As Bad As I Wanna Be: Reimaging Black Womanhood

Community Folk Art Center,

Opening Reception: February 11th at 6pm

Artist Panel Discussion: February 24th at 6pm

Exhibit runs through April 23, 2016

The Community Folk Art Center presents “As Bad As I Wanna Be: Reimaging Black Womanhood,” featuring the work of Nina Buxembaum, Kenyatta A.C. Hinkle and Delita Martin.  The show features emerging mixed media artists who interrogate femininity, gender and race in their work. Each artist’s creative practice combines a mix of personal and collective narratives exploring the role of Black women’s bodies and its continual subjugation through the appropriation of existing material culture.

CFAC is hosting an opening reception February 11th at 6 p.m. and a February 24th artist panel discussion at 6 p.m. featuring artists Delita Martin and Nina Buxembaum, moderated by Dr. Linda Carty.  Both events will be held at CFAC, located at 805 East Genesee Street, Syracuse.

Check out the Blog Post:

CFAC was founded in 1972 by the late Herbert T. Williams, a professor in the African American Studies Department, in collaboration with other Syracuse University faculty and students, as well as local artists and Syracuse city residents. The primary motivation and objective for the establishment of CFAC was to provide a high quality showcase for African Diasporan artists, creating a setting for dialogue and interaction among emerging, mid-career and professional artists, in Central New York. In addition to Williams, CFAC founders include Shirley Harrison, Jack White, George Campbell, Mary Schmidt Campbell Jr., David MacDonald, and Basheer Alim.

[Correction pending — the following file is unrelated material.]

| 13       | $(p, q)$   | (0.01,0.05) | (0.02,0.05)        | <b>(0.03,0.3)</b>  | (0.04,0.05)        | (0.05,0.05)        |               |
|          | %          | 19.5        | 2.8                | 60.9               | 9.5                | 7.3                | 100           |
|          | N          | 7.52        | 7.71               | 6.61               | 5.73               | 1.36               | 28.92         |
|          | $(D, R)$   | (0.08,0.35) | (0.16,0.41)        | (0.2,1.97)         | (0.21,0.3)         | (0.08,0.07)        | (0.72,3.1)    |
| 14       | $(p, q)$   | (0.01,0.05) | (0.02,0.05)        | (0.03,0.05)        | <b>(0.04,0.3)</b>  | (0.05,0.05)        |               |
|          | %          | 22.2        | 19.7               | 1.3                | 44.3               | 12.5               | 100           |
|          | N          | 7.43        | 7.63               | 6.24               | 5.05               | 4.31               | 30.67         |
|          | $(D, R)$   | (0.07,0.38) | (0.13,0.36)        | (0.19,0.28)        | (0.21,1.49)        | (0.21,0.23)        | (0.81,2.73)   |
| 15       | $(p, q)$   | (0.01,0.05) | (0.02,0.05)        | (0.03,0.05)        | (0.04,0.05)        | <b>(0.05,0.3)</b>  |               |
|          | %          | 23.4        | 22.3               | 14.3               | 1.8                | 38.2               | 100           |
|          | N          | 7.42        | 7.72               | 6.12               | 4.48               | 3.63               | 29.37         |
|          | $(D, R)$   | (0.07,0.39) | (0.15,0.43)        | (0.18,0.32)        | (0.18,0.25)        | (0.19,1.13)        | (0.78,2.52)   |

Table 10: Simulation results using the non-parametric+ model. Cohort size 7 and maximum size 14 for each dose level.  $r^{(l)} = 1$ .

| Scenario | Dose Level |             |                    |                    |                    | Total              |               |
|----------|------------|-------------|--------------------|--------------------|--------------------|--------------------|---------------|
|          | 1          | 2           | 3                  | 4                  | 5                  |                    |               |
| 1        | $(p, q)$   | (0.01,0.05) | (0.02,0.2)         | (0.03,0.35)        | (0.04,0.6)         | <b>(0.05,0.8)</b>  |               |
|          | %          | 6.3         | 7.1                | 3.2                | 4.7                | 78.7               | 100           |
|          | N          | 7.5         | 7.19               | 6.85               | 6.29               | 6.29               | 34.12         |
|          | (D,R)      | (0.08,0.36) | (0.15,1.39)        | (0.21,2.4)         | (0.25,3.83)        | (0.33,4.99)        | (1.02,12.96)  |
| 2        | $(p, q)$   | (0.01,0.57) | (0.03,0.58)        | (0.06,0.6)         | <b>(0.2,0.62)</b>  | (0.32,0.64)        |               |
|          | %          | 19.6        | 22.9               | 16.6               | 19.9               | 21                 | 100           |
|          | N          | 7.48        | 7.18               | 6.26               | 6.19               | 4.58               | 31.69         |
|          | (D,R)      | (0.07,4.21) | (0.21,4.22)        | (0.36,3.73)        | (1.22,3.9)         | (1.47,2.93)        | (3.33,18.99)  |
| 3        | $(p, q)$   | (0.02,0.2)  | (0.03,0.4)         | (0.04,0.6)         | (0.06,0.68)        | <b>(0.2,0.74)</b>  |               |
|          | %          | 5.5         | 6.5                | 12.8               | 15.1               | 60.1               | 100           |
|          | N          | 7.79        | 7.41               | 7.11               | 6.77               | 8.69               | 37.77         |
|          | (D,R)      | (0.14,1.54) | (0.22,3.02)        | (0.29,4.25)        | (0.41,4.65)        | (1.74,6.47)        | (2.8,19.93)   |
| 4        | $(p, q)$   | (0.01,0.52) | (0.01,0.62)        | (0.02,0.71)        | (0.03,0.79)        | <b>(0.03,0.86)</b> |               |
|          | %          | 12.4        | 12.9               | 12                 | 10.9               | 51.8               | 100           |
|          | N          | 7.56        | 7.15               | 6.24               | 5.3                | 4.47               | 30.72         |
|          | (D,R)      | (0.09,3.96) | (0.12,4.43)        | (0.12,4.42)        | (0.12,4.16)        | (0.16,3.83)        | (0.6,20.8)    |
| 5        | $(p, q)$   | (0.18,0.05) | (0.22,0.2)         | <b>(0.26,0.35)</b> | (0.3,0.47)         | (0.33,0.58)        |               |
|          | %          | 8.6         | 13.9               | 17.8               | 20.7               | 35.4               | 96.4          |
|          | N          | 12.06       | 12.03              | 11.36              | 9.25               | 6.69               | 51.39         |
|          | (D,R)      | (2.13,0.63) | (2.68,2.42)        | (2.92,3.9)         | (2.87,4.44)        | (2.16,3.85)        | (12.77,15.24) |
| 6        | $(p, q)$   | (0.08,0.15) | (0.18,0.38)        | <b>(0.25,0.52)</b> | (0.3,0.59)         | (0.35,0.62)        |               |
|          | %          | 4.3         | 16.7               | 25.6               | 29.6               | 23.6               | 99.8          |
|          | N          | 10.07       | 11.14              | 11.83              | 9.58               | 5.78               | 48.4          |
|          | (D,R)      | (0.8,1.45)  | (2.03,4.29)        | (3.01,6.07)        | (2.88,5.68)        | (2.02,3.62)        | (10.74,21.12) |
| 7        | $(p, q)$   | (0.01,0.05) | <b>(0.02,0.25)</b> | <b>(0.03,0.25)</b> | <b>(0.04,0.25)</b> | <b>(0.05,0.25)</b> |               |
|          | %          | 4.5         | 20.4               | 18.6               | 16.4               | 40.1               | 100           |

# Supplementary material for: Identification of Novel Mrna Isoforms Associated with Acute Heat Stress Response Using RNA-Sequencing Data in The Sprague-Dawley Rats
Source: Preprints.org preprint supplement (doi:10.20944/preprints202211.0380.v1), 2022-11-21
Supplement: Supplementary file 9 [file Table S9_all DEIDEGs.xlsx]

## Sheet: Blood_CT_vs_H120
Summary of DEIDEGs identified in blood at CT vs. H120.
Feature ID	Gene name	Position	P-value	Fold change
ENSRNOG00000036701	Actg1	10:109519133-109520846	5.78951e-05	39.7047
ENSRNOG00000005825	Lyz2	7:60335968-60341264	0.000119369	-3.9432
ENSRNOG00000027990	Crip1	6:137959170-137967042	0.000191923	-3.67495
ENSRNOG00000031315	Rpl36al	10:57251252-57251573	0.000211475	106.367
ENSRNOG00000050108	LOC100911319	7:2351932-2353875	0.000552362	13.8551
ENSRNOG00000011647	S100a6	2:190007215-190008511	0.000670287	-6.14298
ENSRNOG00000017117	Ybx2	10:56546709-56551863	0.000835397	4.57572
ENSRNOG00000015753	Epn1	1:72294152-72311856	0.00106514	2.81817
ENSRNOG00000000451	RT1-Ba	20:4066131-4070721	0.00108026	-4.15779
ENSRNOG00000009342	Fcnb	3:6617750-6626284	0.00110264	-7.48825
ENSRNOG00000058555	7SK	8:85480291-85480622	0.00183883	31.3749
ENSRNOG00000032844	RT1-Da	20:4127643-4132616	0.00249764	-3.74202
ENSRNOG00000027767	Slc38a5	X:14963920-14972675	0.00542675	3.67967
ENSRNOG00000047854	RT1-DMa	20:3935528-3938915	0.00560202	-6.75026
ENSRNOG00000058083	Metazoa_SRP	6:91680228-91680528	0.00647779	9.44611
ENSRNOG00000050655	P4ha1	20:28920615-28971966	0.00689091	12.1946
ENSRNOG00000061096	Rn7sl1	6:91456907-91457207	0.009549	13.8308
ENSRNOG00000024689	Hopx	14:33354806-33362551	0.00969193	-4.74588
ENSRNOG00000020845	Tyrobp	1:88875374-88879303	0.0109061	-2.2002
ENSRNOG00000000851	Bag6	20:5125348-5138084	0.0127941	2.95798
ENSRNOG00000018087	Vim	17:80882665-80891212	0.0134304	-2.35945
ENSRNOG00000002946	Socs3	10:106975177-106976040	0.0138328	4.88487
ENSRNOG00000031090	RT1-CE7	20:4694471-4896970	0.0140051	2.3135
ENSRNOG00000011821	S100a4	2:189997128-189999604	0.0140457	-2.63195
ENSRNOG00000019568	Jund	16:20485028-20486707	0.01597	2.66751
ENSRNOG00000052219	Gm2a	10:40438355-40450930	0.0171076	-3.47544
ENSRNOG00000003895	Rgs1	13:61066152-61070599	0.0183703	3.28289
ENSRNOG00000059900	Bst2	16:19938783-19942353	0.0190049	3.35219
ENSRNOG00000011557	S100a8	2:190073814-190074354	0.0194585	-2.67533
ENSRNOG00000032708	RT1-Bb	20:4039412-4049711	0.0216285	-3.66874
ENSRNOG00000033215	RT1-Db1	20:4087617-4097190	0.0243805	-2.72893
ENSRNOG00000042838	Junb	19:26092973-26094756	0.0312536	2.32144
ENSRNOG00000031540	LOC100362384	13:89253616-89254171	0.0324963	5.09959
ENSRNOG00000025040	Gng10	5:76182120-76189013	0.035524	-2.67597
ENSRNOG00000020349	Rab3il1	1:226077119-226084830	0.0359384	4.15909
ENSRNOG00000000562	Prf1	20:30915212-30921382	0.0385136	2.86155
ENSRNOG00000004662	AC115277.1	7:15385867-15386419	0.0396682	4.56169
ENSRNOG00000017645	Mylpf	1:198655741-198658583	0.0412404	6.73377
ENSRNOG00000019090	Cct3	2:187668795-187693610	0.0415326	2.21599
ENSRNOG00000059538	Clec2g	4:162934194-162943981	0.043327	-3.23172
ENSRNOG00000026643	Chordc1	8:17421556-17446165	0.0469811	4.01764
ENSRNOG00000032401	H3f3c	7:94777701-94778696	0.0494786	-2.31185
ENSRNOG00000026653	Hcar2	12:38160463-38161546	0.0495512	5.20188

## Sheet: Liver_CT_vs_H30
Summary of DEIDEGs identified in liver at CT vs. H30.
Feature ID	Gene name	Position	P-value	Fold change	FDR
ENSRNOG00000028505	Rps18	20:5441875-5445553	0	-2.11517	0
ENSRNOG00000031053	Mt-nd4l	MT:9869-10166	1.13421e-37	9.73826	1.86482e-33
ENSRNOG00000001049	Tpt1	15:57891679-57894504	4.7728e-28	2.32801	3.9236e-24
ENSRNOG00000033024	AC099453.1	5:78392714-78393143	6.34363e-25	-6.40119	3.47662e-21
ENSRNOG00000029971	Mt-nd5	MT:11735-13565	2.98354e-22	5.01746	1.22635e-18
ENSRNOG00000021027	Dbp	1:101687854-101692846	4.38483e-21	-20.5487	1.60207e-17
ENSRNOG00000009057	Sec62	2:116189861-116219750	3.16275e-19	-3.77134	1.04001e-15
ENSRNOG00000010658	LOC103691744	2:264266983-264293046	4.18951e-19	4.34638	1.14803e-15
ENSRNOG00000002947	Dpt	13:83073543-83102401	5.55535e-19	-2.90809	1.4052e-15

CFAC initially planted its roots in a small storefront on the corner of South Salina Street and Wood Avenue, then relocated to a converted auditorium on the East side, finally settling into its current space at 805 East Genesee Street, which operates as a multidisciplinary community art center. Located in the heart of the Connective Corridor, CFAC is proud to be a venue for a cross section of the community to gather in the spirit of creative expression.

CFAC’s mission is to exalt cultural and artistic pluralism by collecting, exhibiting, teaching and interpreting the visual and expressive arts. Public programming includes exhibitions, film screenings, gallery talks, workshops and courses in studio and performing arts. A proud unit of the African American Studies Department at Syracuse University, CFAC is a beacon of artistry, creativity and cultural expression engaging the Syracuse community, the region and the world.

For more information: Community Folk Art Center | 315.442.2230 |  or

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